Again, defendant ASG urges that the statute of limitations is jurisdictional and therefore cannot be waived. The authority cited for this proposition is twofold. First, the High Court has held that the administrative remedy provided by A.S.C.A. § 43.1205 (not the statute of limitations provided by A.S.C.A. § 43.1204) is jurisdictional. See, e.g., Gobrait v. Americana Hotels, Inc., 1 A.S.R.2d 1 (1978). Second, statutes prescribing the time period in which actions may be brought against the United States are frequently construed —similarly to requirements for the exhaustion of administrative remedies, with which such time periods are often intertwined —as jurisdictional prerequisites to suit, rather than as statutes of limitation properly so called. See, e.g., Smith v. United States, 873 F .2d 218 (9th Cir. 1989); Ippolito-Lutz, Inc. v. Harris, 473 F. Supp. 255 (S.D.N. Y. 1979).
We have been cited to no case, and know of none, holding that the two-year statute of limitations provided in A.S.C.A. § 43.1204 is anything other than an ordinary statute of limitations: that is, an affirmative defense which is waived if not affirmatively pled by the defendant. Unlike its quite differently phrased and structured counterpart in the Federal Tort Claims Act, the limitation of A.S.C.A. § 43.1204 has been held to be subject to tolling during the minority of an injured person. Utu v. American Samoa Government, supra; Lutu v. American Samoa Government, 7 A.S.R.2d 61 (1988). This strongly suggests that [19ASR2d120] A.S.C.A. § 43.1204 is a real statute of limitations, not a deceptively similar jurisdictional prerequisite. We so hold.
The usual reason given for construing statutes of limitation for suits against the United Statesas jurisdictional (i.e., not subject to waiver and/or tolling) is that the limitations in question are deemed an integral part of the initial waiver of sovereign immunity. See Smith, 873 F .2d at 221. The United States Supreme Court has observed that the limitation period “is a condition of [the] waiver” by which the government agreed to let itself be sued at all, and that “we should not take it upon ourselves to extend the waiver beyond that which Congress intended.” United States v. Kubrick, 444 U.S. 111, 117-18 (1979). The Court has also taken pains to point out, however, that it is equally incorrect for courts to “assume the authority to narrow the waiver that Congress intended. “ Id. at 118.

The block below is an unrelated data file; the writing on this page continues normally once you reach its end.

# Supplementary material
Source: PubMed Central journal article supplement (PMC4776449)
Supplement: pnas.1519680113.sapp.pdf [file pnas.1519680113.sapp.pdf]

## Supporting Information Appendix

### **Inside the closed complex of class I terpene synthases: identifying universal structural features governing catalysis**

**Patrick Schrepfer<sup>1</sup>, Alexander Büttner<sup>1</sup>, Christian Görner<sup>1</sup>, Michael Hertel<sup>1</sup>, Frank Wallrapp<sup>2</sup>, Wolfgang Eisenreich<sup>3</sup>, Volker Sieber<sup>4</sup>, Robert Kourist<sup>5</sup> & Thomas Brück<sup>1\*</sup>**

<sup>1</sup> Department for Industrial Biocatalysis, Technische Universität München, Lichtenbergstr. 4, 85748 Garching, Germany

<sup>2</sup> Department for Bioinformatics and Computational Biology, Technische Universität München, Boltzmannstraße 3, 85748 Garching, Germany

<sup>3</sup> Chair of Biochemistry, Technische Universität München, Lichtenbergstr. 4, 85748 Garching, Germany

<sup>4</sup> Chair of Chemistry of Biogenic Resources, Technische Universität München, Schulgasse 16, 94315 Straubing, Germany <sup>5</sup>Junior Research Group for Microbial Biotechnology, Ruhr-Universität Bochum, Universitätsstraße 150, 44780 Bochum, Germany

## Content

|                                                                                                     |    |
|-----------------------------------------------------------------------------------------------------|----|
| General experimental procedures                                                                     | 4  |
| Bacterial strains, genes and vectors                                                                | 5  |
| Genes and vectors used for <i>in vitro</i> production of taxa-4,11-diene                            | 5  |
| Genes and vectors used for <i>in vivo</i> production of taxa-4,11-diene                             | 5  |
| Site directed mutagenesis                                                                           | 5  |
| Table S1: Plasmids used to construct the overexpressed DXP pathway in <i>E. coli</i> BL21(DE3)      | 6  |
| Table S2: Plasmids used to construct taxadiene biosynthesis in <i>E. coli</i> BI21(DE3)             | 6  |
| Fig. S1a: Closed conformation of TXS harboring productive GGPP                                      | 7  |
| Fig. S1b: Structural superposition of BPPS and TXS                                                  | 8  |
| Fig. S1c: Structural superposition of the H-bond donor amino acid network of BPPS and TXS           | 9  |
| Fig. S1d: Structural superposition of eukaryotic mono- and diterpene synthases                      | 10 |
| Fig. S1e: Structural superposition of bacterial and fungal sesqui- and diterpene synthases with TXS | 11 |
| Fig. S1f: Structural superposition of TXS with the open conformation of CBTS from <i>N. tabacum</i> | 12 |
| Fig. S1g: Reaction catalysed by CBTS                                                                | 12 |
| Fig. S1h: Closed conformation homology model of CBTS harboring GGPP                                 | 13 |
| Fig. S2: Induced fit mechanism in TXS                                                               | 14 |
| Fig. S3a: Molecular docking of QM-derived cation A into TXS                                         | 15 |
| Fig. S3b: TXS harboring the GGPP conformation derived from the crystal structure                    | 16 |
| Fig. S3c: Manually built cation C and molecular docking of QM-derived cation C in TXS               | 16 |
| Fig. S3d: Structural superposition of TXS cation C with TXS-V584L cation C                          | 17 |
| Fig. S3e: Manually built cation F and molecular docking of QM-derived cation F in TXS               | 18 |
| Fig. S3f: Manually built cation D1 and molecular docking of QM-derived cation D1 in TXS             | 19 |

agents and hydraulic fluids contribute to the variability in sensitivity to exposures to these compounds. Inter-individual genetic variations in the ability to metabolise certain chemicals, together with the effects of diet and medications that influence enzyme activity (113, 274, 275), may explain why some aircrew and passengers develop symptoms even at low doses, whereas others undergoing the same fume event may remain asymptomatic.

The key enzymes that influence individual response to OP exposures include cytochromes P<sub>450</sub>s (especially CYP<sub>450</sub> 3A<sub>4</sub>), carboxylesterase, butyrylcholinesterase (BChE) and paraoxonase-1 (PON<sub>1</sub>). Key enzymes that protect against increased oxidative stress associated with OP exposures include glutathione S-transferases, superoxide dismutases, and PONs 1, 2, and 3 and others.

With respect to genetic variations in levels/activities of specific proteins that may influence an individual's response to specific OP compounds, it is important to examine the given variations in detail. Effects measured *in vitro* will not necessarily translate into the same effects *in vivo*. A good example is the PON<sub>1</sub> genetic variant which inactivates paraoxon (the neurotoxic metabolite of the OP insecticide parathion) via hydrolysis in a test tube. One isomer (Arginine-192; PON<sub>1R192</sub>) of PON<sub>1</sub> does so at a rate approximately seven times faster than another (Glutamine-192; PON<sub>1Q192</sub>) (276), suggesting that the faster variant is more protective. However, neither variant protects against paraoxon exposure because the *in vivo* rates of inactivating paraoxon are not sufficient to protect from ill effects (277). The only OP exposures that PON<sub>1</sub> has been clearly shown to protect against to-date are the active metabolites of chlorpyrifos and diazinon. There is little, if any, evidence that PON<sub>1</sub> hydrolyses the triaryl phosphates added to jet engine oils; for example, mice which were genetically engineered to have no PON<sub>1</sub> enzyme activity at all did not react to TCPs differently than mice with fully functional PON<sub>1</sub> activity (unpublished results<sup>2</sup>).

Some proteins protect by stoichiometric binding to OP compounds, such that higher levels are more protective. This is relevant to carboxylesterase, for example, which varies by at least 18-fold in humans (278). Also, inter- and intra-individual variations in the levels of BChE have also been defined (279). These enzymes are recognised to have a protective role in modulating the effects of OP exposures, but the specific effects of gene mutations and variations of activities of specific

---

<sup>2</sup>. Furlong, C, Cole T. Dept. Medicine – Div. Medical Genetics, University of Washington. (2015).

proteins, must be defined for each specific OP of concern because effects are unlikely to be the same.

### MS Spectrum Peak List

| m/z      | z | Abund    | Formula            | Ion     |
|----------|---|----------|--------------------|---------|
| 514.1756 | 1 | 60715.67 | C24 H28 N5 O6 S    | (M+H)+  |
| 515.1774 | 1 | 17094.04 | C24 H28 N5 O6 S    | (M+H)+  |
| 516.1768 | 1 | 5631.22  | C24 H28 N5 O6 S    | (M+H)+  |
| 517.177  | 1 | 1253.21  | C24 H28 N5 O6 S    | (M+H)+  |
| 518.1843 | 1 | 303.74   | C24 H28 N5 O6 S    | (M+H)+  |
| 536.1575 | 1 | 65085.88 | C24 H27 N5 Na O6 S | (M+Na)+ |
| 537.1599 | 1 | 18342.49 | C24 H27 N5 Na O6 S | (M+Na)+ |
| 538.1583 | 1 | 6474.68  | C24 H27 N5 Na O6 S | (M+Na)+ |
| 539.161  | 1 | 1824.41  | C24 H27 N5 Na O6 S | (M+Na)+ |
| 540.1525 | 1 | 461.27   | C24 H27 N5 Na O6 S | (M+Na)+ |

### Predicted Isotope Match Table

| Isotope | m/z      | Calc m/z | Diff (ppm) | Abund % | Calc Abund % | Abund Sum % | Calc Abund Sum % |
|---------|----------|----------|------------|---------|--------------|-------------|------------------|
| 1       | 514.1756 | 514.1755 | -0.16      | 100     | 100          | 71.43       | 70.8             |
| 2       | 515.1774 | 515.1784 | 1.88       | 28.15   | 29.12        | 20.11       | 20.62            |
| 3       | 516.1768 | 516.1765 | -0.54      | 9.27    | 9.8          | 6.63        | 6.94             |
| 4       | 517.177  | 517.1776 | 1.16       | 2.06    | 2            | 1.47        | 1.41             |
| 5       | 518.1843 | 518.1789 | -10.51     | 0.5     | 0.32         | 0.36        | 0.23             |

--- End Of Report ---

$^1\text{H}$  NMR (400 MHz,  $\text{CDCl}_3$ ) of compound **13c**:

Whether the Fono, in prescribing a two-year limitation period for tort claims against the Government, created a traditional statute of limitations or something else altogether is a question of legislative intent. As often as not, such questions boil down to inquiries into what the legislature would have intended if it had adverted in advance to the problem at hand. In the absence of any evidence at all that the Fono meant the two-year limitation on tort actions against the Government to be construed and applied according to a different and almost opposite set of rules than the similar two-year limitation on tort actions against private persons, we cannot simply assume that it did. In particular, we cannot conclude that the Fono intended or would have intended what ASG concedes is the “harsh result” of depriving litigants against the Government of the benefit of the traditional and eminently sensible rule that a party entitled to plead the statute of limitations can waive the statute by not pleading it as an affirmative defense and by proceeding to litigate the suit on its merits.(1) [19ASR2d121]